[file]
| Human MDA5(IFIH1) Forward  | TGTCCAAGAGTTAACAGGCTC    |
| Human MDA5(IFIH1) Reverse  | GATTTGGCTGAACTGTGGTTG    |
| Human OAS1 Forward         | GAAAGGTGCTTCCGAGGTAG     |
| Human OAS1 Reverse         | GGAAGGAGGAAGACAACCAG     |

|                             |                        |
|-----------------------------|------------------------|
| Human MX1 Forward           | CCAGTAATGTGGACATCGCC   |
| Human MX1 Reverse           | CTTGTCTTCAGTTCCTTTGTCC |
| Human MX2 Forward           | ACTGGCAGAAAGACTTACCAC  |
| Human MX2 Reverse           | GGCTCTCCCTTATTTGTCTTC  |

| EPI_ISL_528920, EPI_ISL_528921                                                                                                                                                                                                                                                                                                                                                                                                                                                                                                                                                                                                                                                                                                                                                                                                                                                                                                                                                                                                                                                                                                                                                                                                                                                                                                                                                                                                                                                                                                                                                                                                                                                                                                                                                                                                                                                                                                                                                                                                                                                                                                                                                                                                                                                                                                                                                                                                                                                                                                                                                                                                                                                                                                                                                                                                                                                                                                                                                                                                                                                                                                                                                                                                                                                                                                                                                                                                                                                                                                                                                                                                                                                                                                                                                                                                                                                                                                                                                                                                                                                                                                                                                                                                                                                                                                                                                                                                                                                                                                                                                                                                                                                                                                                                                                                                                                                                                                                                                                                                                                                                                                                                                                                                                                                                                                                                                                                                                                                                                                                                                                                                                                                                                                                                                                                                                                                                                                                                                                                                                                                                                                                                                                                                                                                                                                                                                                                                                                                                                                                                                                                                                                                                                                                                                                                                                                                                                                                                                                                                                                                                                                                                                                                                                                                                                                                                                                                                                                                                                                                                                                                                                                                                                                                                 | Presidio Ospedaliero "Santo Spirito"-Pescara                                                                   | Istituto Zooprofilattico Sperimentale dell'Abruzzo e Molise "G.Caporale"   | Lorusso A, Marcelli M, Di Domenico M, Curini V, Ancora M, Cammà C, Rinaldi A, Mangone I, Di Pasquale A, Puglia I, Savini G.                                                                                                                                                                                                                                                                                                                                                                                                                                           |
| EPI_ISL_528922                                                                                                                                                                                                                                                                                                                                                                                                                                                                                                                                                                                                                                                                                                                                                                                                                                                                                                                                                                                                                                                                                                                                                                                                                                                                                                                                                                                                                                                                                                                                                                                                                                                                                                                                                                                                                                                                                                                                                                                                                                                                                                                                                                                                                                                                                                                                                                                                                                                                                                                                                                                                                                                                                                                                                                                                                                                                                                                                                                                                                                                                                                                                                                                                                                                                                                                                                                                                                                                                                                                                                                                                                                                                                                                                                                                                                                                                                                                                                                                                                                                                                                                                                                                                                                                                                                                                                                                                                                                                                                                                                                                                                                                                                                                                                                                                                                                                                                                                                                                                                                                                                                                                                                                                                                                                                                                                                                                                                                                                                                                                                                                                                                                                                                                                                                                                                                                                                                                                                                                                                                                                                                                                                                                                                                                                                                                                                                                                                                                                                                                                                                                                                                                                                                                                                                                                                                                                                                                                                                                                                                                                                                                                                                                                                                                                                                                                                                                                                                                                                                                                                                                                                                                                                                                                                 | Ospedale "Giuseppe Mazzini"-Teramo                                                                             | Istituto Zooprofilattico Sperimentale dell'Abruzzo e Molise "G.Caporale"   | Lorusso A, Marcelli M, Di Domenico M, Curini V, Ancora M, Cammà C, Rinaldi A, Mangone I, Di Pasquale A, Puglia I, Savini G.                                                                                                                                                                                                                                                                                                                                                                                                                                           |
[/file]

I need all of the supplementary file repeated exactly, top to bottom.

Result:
| Human MDA5(IFIH1) Forward  | TGTCCAAGAGTTAACAGGCTC    |
| Human MDA5(IFIH1) Reverse  | GATTTGGCTGAACTGTGGTTG    |
| Human OAS1 Forward         | GAAAGGTGCTTCCGAGGTAG     |
| Human OAS1 Reverse         | GGAAGGAGGAAGACAACCAG     |

|                             |                        |
|-----------------------------|------------------------|
| Human MX1 Forward           | CCAGTAATGTGGACATCGCC   |
| Human MX1 Reverse           | CTTGTCTTCAGTTCCTTTGTCC |
| Human MX2 Forward           | ACTGGCAGAAAGACTTACCAC  |
| Human MX2 Reverse           | GGCTCTCCCTTATTTGTCTTC  |

| EPI_ISL_528920, EPI_ISL_528921                                                                                                                                                                                                                                                                                                                                                                                                                                                                                                                                                                                                                                                                                                                                                                                                                                                                                                                                                                                                                                                                                                                                                                                                                                                                                                                                                                                                                                                                                                                                                                                                                                                                                                                                                                                                                                                                                                                                                                                                                                                                                                                                                                                                                                                                                                                                                                                                                                                                                                                                                                                                                                                                                                                                                                                                                                                                                                                                                                                                                                                                                                                                                                                                                                                                                                                                                                                                                                                                                                                                                                                                                                                                                                                                                                                                                                                                                                                                                                                                                                                                                                                                                                                                                                                                                                                                                                                                                                                                                                                                                                                                                                                                                                                                                                                                                                                                                                                                                                                                                                                                                                                                                                                                                                                                                                                                                                                                                                                                                                                                                                                                                                                                                                                                                                                                                                                                                                                                                                                                                                                                                                                                                                                                                                                                                                                                                                                                                                                                                                                                                                                                                                                                                                                                                                                                                                                                                                                                                                                                                                                                                                                                                                                                                                                                                                                                                                                                                                                                                                                                                                                                                                                                                                                                 | Presidio Ospedaliero "Santo Spirito"-Pescara                                                                   | Istituto Zooprofilattico Sperimentale dell'Abruzzo e Molise "G.Caporale"   | Lorusso A, Marcelli M, Di Domenico M, Curini V, Ancora M, Cammà C, Rinaldi A, Mangone I, Di Pasquale A, Puglia I, Savini G.                                                                                                                                                                                                                                                                                                                                                                                                                                           |
| EPI_ISL_528922                                                                                                                                                                                                                                                                                                                                                                                                                                                                                                                                                                                                                                                                                                                                                                                                                                                                                                                                                                                                                                                                                                                                                                                                                                                                                                                                                                                                                                                                                                                                                                                                                                                                                                                                                                                                                                                                                                                                                                                                                                                                                                                                                                                                                                                                                                                                                                                                                                                                                                                                                                                                                                                                                                                                                                                                                                                                                                                                                                                                                                                                                                                                                                                                                                                                                                                                                                                                                                                                                                                                                                                                                                                                                                                                                                                                                                                                                                                                                                                                                                                                                                                                                                                                                                                                                                                                                                                                                                                                                                                                                                                                                                                                                                                                                                                                                                                                                                                                                                                                                                                                                                                                                                                                                                                                                                                                                                                                                                                                                                                                                                                                                                                                                                                                                                                                                                                                                                                                                                                                                                                                                                                                                                                                                                                                                                                                                                                                                                                                                                                                                                                                                                                                                                                                                                                                                                                                                                                                                                                                                                                                                                                                                                                                                                                                                                                                                                                                                                                                                                                                                                                                                                                                                                                                                 | Ospedale "Giuseppe Mazzini"-Teramo                                                                             | Istituto Zooprofilattico Sperimentale dell'Abruzzo e Molise "G.Caporale"   | Lorusso A, Marcelli M, Di Domenico M, Curini V, Ancora M, Cammà C, Rinaldi A, Mangone I, Di Pasquale A, Puglia I, Savini G.                                                                                                                                                                                                                                                                                                                                                                                                                                           |